Throughout September I’ll be spending A Month at the Grindhouse, taking a look at a handful of the disreputable, distasteful, violent, sexy, shocking, and mind-melting films that helped define the term. And really, post-Tarantino and Rodriguez (whose collaborative film I love, by the way) the word has been abused in recent years. Hell, Eighty Eight Films in the U.K. has been releasing DVDs under the banner “Grindhouse Collection,” but with many titles that went straight from Charles Band’s office to Blockbuster and Cinemax (Beach Babes from Beyond: not a grindhouse movie). I don’t pretend to be an expert on the subject. I was too young to have indulged in the grindhouse era, and lived far from the sorts of theaters to show such entertainments. The films I tend to review on this website are more drive-in than grindhouse (admittedly, many of these films played both), and I realize that’s where my tastes lie. I prefer monster movies with cheap makeup to The Last House on the Left (1972); but that won’t stop me from heading down to our virtual Forty-Second Street for a month’s worth of mayhem. I’m going to be the nervous little mark who’s wandered into the Rialto out of numbskulled curiosity for what those outrageous titles on the bright marquee could possibly be attached to. The selections I’m choosing, the majority of which I’m watching for the first time, were partly inspired by Bill Landis and Michelle Clifford’s Sleazoid Express (2002), partly on Michael Weldon’s Psychotronic film guides that were always at my bedside throughout college, or otherwise just titles chosen out of my own personal interest. Now, we’ve got to start somewhere, so it might as well be at the hands of Olga.
The two films I chose to kick off this marathon of the perverse are actually non-sequential films of the same series, the “Olga” pictures, which sprung from the fevered imagination of exploitation producer George Weiss (Glen or Glenda, Paris After Midnight). With his director Joseph P. Mawra, Weiss crafted the films economically and breathlessly – releasing them rapid-fire in 1964 – yet the films linger obsessively over every little detail, and it’s the details here that matter. These are fetish films. More to the point, these are S&M films, albeit of a comparatively gentle variety to what’s readily available on the internet these days. And it’s here that I must stop and state that S&M isn’t my thing – not to distance myself (to each his own), but to explain why I’m so ill-suited to the task at hand. To review a fetish film when one does not have that particular fetish is a bit like a vegetarian appraising the steak house that just opened up the street. But I’m not into feet and I love Buñuel (and steak), so let’s have a go. White Slaves of Chinatown (1964) is actually a strangely beautiful little picture, but in an accidental kind of way. I would not walk away from the film declaring Weiss and Mawra to be artists, but it is that obsession, that attention, that fixed gaze in gorgeous black-and-white, which creates something hypnotic for the viewer, regardless of one’s proclivities. The film was shot without sound, then given a stock soundtrack (Chinese music and some Fantasia selections: The Sorcerer’s Apprentice and Night on Bald Mountain) and some industrial film-style narration. “Few people dare venture beyond the honky-tonk and gaily-lit main streets of Chinatown,” says our stern male narrator, “but the few who do will surely take their fates into their very own hands, and perhaps even their lives.” The film runs 70 minutes, which is quite a lot to endure in a narrative film without any dialogue. But consider that the plot doesn’t matter. This is a film of images.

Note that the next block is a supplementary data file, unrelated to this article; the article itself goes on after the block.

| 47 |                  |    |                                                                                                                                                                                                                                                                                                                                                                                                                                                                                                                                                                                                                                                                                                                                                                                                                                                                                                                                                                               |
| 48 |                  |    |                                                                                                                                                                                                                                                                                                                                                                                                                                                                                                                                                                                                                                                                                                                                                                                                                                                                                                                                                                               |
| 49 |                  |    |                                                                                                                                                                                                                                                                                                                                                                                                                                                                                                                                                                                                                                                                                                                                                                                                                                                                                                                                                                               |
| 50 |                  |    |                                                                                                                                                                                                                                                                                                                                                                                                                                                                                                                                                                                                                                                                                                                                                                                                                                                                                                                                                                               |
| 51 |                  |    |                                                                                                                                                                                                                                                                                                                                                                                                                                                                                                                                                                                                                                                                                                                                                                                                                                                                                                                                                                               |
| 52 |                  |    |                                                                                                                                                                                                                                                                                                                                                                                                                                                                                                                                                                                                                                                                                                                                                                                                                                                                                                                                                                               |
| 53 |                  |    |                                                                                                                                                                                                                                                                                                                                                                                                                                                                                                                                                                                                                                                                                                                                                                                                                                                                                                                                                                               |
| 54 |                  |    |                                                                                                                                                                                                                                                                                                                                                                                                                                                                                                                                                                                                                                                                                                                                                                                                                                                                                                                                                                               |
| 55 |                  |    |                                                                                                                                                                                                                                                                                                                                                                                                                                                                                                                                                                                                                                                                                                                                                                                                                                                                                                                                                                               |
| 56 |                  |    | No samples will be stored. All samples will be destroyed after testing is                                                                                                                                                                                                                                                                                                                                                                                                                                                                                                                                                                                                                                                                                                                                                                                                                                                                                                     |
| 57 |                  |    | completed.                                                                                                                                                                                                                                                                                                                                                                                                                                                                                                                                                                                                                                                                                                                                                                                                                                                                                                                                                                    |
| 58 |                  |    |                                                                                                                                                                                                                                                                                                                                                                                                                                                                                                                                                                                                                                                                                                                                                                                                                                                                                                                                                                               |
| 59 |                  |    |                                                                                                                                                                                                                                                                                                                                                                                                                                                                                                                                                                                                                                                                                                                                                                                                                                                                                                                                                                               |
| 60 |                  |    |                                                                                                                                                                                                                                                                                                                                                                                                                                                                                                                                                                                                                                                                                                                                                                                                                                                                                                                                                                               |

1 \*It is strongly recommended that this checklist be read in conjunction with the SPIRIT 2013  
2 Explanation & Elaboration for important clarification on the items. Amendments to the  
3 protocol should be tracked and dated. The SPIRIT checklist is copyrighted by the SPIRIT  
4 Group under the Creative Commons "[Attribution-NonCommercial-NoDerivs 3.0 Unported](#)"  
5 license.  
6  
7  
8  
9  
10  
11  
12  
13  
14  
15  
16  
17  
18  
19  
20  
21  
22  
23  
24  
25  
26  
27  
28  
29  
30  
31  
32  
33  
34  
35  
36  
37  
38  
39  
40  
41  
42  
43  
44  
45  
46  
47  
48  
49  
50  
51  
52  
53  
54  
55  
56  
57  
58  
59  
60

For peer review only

Specifically, it is a film of bondage images, and scenes of the “white slaves” being hustled about, tortured, given opium to smoke, and eventually broken and remade as prostitutes. (If this sounds like a downer, that’s because you’re assuming this film takes place in a world resembling reality. You’d be wrong.) The criminal mastermind of this operation is Olga, played by Audrey Campbell, whose credits include Joe Sarno’s early sexploitation films Lash of Lust (1962) and Sin in the Suburbs (1964). Campbell, thanks largely to her role in the Olga series, became something of a dominatrix icon (she died in 2006); her legacy was to burn that archetype into celluloid for others to emulate. She doesn’t scowl that much; her expression is often one of smug satisfaction. She enjoys what she does. After she finally gets the independently-minded Elaine to grovel at her feet – what passes for a narrative arc in the first Olga film – she grins, arms crossed, while her voice-over declares: “Yes, even this stubborn and proud girl had to come round to my way of thinking sooner or later. Now I knew that I had won and she was mine.” She ties up girls in dungeons, whips them in silhouette, puts a French girl named Frenchie in a yoke crosspiece, and in one scene burns a cigarette into a girl’s breast, depicted from the POV of the breast – I suppose – as the cig comes closer and closer to the camera. In fact, it all does feel a bit Un Chien Andalou, though not by design. As the narrator keeps droning on, his uselessness becomes apparent in one completely surreal scene of disconnect. While Elaine drops her head into her arms, slumped at a desk, defeated, our faceless narrator clumsily reads off lines for her. “Elaine thought she heard something. Yes, it’s her friend Jimmy, he would help! But no, he doesn’t look the same, something’s happened to him. ‘Please, Jimmy. Please, help me,’ she cried. ‘No Jimmy, no, don’t! You don’t know what you’re doing! God help me.'” What we see is: Elaine looks up slowly, placidly, stares forward. A man enters the room. He kisses her on the cheek. He grabs at her more violently, overtaken by his lust, then drags her off. Meanwhile, nobody’s lips have moved through the entire scene, so our eyes tell us that no dialogue has transpired. Not to mention that the one-take narrator has finished reading his lines before “Jimmy” has even touched the girl. (His under-the-breath delivery of “God help me” is priceless. It sounds like his personal reaction to the script he’s been handed.) So when I say the film has an accidental beauty, and accident surrealism, this is what I’m talking about; though there is something genuinely skillful, in a cheap exploitation kind of way, in the film’s depiction of an abortion. We see the surgeon (Weiss himself, in a cameo) spreading the woman’s legs and then folding up her dress incrementally, deliberately – again, with a touch of fetishism; fold, fold, fold – before the camera cuts to black, the girl’s modesty intact, the fingers still making those little encroaching folds.